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An absolutely brilliant analysis of the ways in which individuals and organizations of the media are influenced to shape the social agendas of knowledge and, therefore, belief. Contrary to the popular conception of members of the press as hard-bitten realists doggedly pursuing unpopular truths, Herman and Chomsky prove conclusively that the free-market economics model of media leads inevitably to normative and narrow reporting. Whether or not you've seen the eye-opening movie, buy this book, and you will be a far more knowledgeable person and much less prone to having your beliefs manipulated as easily as the press. --This text refers to an alternate Paperback edition.
Herman of Wharton and Chomsky of MIT lucidly document their argument that America's government and its corporate giants exercise control over what we read, see and hear. The authors identify the forces that they contend make the national media propagandisticthe major three being the motivation for profit through ad revenue, the media's close links to and often ownership by corporations, and their acceptance of information from biased sources. In five case studies, the writers show how TV, newspapers and radio distort world events. For example, the authors maintain that "it would have been very difficult for the Guatemalan government to murder tens of thousands over the past decade if the U.S. press had provided the kind of coverage they gave to the difficulties of Andrei Sakharov or the murder of Jerzy Popieluszko in Poland." Such allegations would be routine were it not for the excellent research behind this book's controversial charges. Extensive evidence is calmly presented, and in the end an indictment against the guardians of our freedoms is substantiated. A disturbing picture emerges of a news system that panders to the interests of America's privileged and neglects its duties when the concerns of minority groups and the underclass are at stake. First serial to the Progressive.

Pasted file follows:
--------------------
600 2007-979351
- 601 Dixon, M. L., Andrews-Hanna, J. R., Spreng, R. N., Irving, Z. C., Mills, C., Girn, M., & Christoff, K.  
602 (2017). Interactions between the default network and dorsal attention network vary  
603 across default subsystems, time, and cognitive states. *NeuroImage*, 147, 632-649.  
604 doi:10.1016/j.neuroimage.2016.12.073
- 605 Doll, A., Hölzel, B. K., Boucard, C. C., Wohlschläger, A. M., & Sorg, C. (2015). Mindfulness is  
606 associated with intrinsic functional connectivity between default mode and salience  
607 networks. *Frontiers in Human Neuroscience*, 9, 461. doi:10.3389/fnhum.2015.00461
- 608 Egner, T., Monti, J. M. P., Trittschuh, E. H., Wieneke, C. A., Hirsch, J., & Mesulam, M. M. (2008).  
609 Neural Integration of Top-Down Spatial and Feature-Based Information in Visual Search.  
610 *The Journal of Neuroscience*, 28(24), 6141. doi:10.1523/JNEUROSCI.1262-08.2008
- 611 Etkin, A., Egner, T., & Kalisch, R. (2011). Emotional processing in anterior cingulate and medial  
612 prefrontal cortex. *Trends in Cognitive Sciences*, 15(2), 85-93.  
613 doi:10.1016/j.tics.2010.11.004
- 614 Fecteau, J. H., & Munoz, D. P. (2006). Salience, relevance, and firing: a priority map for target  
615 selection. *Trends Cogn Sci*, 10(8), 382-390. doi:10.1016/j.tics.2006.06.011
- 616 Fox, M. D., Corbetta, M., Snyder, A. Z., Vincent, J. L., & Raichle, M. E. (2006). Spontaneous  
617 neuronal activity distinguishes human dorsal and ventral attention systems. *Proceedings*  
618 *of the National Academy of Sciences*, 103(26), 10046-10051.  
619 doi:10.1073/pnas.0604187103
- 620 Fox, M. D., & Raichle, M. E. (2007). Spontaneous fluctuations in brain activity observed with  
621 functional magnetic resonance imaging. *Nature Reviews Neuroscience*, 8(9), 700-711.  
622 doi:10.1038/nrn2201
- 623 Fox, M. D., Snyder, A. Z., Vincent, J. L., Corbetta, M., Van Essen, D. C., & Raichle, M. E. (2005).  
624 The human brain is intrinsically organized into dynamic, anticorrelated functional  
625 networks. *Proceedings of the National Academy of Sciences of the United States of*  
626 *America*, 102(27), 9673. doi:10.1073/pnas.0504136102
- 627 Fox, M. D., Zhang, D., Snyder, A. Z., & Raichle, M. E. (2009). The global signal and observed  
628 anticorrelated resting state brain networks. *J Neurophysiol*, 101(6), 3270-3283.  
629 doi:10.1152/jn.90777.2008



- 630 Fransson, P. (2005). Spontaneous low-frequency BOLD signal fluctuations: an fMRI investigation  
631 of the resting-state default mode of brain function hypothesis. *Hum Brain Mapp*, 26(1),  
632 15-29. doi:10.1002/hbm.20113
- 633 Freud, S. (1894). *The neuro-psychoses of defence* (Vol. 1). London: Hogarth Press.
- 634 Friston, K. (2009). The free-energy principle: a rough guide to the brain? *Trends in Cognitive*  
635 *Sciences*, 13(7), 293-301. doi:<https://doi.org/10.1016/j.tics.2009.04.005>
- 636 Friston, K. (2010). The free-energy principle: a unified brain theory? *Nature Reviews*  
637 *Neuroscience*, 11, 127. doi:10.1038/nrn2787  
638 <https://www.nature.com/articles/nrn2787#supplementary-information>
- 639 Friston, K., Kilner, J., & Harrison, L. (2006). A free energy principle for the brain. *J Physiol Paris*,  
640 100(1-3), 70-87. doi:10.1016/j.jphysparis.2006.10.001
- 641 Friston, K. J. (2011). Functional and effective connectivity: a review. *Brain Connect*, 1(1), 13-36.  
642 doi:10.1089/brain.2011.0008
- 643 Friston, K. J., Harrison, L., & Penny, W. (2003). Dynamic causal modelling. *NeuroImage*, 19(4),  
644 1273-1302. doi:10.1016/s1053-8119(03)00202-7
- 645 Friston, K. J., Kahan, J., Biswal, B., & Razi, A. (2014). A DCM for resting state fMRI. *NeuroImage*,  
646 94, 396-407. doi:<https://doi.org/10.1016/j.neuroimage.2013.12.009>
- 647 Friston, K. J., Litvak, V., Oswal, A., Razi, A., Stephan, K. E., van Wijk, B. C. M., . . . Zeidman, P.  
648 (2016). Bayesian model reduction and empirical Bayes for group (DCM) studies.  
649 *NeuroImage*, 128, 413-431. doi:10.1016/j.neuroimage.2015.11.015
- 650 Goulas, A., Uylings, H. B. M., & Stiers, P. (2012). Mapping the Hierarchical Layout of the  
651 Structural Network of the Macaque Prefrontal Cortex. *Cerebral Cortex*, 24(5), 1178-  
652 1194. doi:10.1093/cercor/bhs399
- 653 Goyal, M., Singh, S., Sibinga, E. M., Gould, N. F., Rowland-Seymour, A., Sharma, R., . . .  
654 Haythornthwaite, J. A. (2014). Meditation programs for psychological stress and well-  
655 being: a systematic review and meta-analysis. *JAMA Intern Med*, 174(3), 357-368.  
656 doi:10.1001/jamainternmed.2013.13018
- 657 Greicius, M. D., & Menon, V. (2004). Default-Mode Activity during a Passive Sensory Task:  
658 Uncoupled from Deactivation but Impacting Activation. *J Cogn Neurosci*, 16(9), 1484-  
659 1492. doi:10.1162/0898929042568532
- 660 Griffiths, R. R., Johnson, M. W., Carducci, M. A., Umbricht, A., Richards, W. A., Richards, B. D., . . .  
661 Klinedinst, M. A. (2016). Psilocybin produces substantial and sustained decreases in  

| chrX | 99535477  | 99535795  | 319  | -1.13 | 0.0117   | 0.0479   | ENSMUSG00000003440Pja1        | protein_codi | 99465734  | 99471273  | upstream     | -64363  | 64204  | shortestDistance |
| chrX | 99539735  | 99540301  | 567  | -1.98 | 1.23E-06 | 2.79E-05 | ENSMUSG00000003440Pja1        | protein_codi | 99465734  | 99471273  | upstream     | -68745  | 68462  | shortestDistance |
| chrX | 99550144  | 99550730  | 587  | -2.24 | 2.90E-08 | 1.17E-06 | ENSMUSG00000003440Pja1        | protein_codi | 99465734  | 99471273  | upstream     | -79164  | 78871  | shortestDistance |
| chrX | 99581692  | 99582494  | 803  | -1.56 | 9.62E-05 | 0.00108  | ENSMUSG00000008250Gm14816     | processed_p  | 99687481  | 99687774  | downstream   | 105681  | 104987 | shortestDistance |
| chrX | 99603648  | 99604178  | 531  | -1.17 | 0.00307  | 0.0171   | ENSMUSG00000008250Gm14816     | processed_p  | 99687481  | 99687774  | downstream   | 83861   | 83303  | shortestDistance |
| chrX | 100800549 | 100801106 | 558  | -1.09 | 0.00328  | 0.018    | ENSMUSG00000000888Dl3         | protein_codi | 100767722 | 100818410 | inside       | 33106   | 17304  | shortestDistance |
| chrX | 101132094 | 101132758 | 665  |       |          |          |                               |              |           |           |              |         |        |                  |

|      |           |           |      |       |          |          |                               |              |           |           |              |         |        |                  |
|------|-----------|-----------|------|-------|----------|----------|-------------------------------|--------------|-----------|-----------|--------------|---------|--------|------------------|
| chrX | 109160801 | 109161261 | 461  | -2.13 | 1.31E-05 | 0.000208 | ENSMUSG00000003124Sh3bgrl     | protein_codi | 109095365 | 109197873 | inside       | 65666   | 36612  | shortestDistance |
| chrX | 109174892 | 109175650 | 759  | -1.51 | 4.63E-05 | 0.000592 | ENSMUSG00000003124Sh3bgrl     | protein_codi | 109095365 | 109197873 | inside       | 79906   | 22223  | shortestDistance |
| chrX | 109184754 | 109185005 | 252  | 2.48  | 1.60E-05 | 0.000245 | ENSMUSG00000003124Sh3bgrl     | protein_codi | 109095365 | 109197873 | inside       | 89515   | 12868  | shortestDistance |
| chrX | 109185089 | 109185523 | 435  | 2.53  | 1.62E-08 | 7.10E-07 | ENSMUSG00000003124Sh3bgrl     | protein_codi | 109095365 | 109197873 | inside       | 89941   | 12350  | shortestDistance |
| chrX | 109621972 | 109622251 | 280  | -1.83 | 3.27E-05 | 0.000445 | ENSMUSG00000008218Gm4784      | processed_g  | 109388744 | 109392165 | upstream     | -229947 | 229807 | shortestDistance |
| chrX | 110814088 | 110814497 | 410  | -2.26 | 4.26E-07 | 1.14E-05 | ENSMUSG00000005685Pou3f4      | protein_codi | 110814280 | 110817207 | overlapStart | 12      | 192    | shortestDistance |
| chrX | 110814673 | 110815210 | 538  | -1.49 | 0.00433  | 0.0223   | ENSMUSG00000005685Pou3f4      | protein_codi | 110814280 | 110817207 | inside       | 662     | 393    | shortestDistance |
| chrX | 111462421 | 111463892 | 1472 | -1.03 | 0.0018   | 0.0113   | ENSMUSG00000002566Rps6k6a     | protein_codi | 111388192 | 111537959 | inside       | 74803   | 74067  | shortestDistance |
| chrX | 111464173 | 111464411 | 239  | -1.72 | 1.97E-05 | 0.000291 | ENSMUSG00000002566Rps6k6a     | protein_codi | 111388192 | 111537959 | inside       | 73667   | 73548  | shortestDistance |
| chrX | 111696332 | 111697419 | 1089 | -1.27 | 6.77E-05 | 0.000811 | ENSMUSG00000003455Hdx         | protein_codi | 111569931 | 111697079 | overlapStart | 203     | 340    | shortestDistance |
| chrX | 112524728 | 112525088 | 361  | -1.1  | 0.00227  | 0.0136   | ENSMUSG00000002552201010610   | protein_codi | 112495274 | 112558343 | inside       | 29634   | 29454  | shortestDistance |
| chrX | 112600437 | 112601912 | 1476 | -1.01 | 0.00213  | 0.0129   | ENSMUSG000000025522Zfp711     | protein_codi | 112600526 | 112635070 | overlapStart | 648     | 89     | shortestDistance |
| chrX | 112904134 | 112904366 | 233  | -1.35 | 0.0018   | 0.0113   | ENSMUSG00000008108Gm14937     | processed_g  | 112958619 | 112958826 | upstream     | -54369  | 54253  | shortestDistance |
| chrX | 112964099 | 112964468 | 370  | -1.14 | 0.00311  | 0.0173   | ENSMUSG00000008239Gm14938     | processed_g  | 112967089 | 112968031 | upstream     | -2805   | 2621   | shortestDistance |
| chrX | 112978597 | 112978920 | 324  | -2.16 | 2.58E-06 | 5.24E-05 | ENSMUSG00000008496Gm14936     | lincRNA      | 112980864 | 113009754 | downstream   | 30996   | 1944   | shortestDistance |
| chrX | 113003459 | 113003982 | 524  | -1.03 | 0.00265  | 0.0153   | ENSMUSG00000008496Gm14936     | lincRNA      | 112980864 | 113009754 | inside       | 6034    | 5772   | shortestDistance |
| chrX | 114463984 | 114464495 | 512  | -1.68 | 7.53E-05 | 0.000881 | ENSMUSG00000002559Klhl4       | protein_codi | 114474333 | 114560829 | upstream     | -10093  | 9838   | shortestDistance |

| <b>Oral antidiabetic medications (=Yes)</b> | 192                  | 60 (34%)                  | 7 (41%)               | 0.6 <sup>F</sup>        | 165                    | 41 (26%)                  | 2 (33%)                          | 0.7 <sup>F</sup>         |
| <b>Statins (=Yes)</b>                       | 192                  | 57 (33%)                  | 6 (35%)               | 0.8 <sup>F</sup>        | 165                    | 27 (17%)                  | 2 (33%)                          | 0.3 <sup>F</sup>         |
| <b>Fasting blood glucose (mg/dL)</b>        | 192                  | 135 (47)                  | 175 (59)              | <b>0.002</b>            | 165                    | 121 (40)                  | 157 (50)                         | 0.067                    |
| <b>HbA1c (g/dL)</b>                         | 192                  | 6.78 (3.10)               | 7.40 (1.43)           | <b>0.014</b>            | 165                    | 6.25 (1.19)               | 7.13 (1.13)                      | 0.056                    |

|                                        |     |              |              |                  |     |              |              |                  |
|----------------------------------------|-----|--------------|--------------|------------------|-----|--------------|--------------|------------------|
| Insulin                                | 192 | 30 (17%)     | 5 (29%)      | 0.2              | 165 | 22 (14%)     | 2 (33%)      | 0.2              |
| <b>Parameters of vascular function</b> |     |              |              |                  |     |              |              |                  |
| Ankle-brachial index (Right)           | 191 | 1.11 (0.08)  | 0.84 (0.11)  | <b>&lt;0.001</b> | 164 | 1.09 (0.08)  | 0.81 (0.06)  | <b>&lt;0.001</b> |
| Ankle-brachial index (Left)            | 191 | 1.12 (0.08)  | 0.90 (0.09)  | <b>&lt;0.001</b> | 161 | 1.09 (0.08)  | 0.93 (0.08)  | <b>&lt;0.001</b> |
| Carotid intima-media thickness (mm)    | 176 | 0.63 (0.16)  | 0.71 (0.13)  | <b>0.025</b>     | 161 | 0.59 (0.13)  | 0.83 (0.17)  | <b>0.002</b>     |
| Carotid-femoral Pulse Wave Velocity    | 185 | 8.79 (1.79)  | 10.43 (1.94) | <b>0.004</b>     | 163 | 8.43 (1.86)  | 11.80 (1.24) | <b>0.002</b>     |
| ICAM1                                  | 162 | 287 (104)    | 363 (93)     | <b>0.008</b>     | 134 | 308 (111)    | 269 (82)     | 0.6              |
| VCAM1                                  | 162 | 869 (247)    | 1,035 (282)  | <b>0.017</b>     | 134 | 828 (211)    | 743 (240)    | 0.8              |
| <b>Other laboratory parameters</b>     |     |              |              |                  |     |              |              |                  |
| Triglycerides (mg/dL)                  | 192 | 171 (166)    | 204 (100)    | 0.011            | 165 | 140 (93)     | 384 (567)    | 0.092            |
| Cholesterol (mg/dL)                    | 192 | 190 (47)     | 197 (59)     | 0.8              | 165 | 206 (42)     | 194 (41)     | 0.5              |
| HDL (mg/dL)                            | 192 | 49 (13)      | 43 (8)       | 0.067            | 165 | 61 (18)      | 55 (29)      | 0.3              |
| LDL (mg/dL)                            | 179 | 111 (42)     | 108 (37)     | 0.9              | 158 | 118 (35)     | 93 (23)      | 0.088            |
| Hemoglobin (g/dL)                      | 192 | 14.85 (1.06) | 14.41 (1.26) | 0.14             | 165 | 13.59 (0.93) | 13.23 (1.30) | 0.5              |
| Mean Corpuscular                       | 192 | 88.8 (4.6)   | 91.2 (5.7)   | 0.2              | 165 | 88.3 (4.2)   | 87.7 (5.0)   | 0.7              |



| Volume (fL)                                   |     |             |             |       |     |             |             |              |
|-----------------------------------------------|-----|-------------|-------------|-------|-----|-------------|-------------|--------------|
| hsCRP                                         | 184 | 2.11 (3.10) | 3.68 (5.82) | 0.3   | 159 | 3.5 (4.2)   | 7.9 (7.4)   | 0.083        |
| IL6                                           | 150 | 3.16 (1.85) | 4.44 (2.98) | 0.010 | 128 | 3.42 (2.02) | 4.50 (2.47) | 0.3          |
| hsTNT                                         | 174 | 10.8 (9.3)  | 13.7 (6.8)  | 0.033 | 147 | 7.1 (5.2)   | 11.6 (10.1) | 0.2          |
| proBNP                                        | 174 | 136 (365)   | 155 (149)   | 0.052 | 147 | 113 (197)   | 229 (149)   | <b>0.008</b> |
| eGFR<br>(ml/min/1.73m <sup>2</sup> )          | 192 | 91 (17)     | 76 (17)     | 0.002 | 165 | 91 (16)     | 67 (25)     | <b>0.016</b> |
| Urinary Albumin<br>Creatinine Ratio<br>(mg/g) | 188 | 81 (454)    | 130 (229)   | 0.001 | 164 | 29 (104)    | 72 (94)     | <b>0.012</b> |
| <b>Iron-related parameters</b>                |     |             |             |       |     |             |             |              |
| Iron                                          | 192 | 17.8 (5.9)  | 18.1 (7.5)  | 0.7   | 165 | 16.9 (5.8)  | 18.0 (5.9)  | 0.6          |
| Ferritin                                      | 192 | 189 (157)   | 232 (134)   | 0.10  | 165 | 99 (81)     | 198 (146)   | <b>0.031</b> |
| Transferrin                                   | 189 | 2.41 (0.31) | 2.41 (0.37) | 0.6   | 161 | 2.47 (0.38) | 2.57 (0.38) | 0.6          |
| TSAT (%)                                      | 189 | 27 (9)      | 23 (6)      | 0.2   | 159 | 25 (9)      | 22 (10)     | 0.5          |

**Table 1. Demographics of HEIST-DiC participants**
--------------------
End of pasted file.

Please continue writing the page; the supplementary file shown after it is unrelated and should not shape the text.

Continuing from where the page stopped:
Copyright 1988 Reed Business Information, Inc. --This text refers to an alternate Paperback edition.
One of my top 5 reads of the year. I highly recommend reading this.Published 3 months ago by Zach Pajtasz
"Manufacturing Consent" is repetitious and thin on content: it covers media treatment of elections in Central America and the Vietnam war. Read morePublished 7 months ago by ogilvie
Edward S. Herman and Noam Chomsky's Manufacturing Consent is not what I would consider an exciting read. Read morePublished on Sept. 2 2011 by Cornelius
Is the media free? According to this book by Edward S. Herman and Noam Chomsky, it is far from free. Read morePublished on June 12 2004 by T. Hooper
Ever since the term 'ideology' appears in the wake of the French Revolution its implications have haunted modernity (although an equal case could be made that it springs from the... Read morePublished on May 16 2004 by John C. Landon
The title and subtitle are misleading: this is not a book about the impact of media on the public or about the internal structures of the media. Read morePublished on Feb. 20 2004 by razetheladder
This book, along with the Godfather, is what inspired me to study Political Science at UCLA. His thesis, that the American Media is a mouthpiece for corporate and pentagon... Read morePublished on Dec 10 2003 by Ron Bassilian